Knesset Speaker Reuven Rivlin has cancelled an invitation to Laszlo Kover, the Hungarian house speaker, to Israel for Kover’s attending a recent commemoration of Hungarian author Jozsef Nyiro in Romania, The Jerusalem Post reported on Sunday.
Kover was to attend celebrations of the 100th birth anniversary of Swedish diplomat Raoul Wallenberg, who saved thousands of Hungarian Jews during the Holocaust, in Israel in July.
According to the Israeli paper, Rivlin was appalled by Kover’s paying tribute to Nyiro, whose party had “cooperated with the German Nazi murderers in realizing their program to annihilate the Jewish People”.
“Anyone who participates in such an event cannot possibly then take part in an event to honor a man like Raoul Wallenberg, a beacon of humanity, who saved Jews, who is a symbol of the struggle against Nazi Germany and its collaborators, one of whom you chose to identify with and pay homage to,” the paper quoted Rivlin’s letter to Kover.
Kover’s cabinet chief told MTI late on Sunday that they have not yet received a letter from Israel’s Knesset. Laszlo Veress called it “strange” that the Knesset speaker should send messages to his Hungarian counterpart through the media.
Veress also said that Kover had indicated “through the customary diplomatic channels” a few days earlier that he could not fly to Israel due to different arrangements, and President Janos Ader would represent Hungary at the Wallenberg celebrations instead.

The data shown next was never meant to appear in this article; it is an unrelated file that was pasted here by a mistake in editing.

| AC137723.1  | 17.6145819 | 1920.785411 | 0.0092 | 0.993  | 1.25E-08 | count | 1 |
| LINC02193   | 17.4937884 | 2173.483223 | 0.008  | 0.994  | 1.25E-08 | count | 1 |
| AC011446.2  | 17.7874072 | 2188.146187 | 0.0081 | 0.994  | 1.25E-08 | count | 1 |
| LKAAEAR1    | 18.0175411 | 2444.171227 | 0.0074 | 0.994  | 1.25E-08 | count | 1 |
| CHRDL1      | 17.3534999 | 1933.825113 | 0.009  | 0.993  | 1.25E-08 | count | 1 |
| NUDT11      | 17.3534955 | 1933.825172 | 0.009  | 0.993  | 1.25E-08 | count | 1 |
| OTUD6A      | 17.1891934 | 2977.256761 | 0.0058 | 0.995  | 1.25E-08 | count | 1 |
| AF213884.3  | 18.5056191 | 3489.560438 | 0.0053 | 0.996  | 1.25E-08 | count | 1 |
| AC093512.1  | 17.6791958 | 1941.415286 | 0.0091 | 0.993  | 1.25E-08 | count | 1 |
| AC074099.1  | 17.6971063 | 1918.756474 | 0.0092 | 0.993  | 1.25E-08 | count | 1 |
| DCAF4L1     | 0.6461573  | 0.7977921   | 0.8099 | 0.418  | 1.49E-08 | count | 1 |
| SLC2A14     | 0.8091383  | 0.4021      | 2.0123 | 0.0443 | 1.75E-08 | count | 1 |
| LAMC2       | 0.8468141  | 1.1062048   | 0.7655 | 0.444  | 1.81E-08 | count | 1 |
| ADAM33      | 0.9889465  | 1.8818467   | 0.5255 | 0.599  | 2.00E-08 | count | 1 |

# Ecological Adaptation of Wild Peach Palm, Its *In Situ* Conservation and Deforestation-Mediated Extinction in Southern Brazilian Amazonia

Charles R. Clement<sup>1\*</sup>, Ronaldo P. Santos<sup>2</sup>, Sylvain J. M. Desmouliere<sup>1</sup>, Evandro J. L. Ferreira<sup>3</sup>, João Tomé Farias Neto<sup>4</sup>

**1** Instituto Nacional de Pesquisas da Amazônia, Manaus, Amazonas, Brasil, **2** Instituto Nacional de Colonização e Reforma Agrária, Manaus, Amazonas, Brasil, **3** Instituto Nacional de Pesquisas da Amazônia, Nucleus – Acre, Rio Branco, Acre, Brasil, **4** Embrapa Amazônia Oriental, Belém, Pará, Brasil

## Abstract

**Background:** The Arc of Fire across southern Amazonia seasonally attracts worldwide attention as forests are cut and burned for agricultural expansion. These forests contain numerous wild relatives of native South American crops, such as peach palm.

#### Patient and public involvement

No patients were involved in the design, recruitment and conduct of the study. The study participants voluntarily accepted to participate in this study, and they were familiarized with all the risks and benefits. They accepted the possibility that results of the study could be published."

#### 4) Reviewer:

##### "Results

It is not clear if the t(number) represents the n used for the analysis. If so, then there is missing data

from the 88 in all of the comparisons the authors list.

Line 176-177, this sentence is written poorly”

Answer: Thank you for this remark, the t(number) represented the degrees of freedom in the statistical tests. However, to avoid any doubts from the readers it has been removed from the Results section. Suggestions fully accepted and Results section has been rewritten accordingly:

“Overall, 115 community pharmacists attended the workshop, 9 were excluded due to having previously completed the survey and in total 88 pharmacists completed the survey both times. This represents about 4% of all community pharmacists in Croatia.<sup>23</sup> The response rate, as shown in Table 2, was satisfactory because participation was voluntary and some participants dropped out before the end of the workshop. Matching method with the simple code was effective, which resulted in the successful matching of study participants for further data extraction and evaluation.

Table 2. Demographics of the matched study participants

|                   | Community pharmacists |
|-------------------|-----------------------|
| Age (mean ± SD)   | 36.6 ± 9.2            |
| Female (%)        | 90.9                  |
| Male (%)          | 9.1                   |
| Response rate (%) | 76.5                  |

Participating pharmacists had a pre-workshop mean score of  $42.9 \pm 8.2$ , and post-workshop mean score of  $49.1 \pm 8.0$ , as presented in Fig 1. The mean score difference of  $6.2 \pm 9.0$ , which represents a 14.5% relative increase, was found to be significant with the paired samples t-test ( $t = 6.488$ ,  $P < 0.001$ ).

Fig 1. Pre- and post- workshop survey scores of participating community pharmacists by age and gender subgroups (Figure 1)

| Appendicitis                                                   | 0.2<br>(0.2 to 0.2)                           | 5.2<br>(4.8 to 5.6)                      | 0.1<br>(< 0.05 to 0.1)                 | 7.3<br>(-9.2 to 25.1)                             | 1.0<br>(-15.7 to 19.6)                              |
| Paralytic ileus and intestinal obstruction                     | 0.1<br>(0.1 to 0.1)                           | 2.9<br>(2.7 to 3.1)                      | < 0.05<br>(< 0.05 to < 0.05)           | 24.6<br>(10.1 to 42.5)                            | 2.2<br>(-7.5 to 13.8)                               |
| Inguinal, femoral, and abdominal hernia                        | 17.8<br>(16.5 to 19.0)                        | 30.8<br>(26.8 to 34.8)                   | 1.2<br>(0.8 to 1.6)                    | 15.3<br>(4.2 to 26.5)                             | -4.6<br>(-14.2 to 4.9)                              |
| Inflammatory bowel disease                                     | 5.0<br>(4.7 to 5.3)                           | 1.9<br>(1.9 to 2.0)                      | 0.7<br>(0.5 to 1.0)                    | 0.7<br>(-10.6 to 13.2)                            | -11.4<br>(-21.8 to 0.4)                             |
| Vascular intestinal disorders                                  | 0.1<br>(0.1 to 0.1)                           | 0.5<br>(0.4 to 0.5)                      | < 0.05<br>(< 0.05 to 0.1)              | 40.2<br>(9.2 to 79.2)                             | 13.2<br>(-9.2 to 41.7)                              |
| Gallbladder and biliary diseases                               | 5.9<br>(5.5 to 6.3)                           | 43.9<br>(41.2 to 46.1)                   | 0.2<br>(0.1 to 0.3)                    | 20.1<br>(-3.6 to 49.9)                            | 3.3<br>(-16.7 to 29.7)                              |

Kövér defends controversial author in letter to Wiesel
Meanwhile, Kover wrote a letter to Nobel Peace Prize-winning author Elie Wiesel arguing that Nyiro was neither a war criminal, a fascist nor an anti-Semite.
Kover wrote his letter in response to Wiesel’s returning the Grand Cross Order of Merit of the Republic of Hungary, which he had received in 2004, partly because of Kover’s attending a recent commemoration of Nyiro in Romania. Wiesel released the letter on Friday.
In his letter, Kover said that the Allied Control Commission in 1945 and 1947 cleared Nyiro of charges of fascism and anti-Semitism, and added that such ideas did not surface in Nyiro’s literature.
“Hungary’s communist propaganda maintained those charges for four decades and attempted to wipe Nyiro out of the public conscience,” Kover said.
“When passing judgement on creative minds, it is primarily their creation that should be considered, and double standards in that must not be applied,” the letter said. Nyiro’s merit lies in his literary life achievement, rather than in his “negligible but doubtlessly and tragically mistaken political activities”, Kover said in the letter.
Kover made a comparison with philosopher Gyorgy Lukacs, and said that he was appreciated for his scholarly achievement and not for his political activities during communist dictatorship in 1919 and after 1945. “While a street in Budapest was named after Lukacs, Nyiro is even denied a burial in his native land,” the letter said.
In his conclusion, Kover said that after “so many lies, so much forced silence and one-sidedness it may be time to consider our history as a whole” and wished “reconciliation for all of us”.
In a short note to the house speaker, Wiesel thanked Kover for his response, but stressed that he upheld a different opinion of Nyiro.
Wiesel added that Kover’s letter was lacking reflections to his remarks concerning what he saw as a renewed cult of Miklos Horthy, regent of Hungary in the interwar period.
The above photo of Kövér speaking at Hungary’s “House of Terror” museum in 2011 was published on the website of Fidelitas, the youth wing of the governing Fidesz-Christian Democratic party.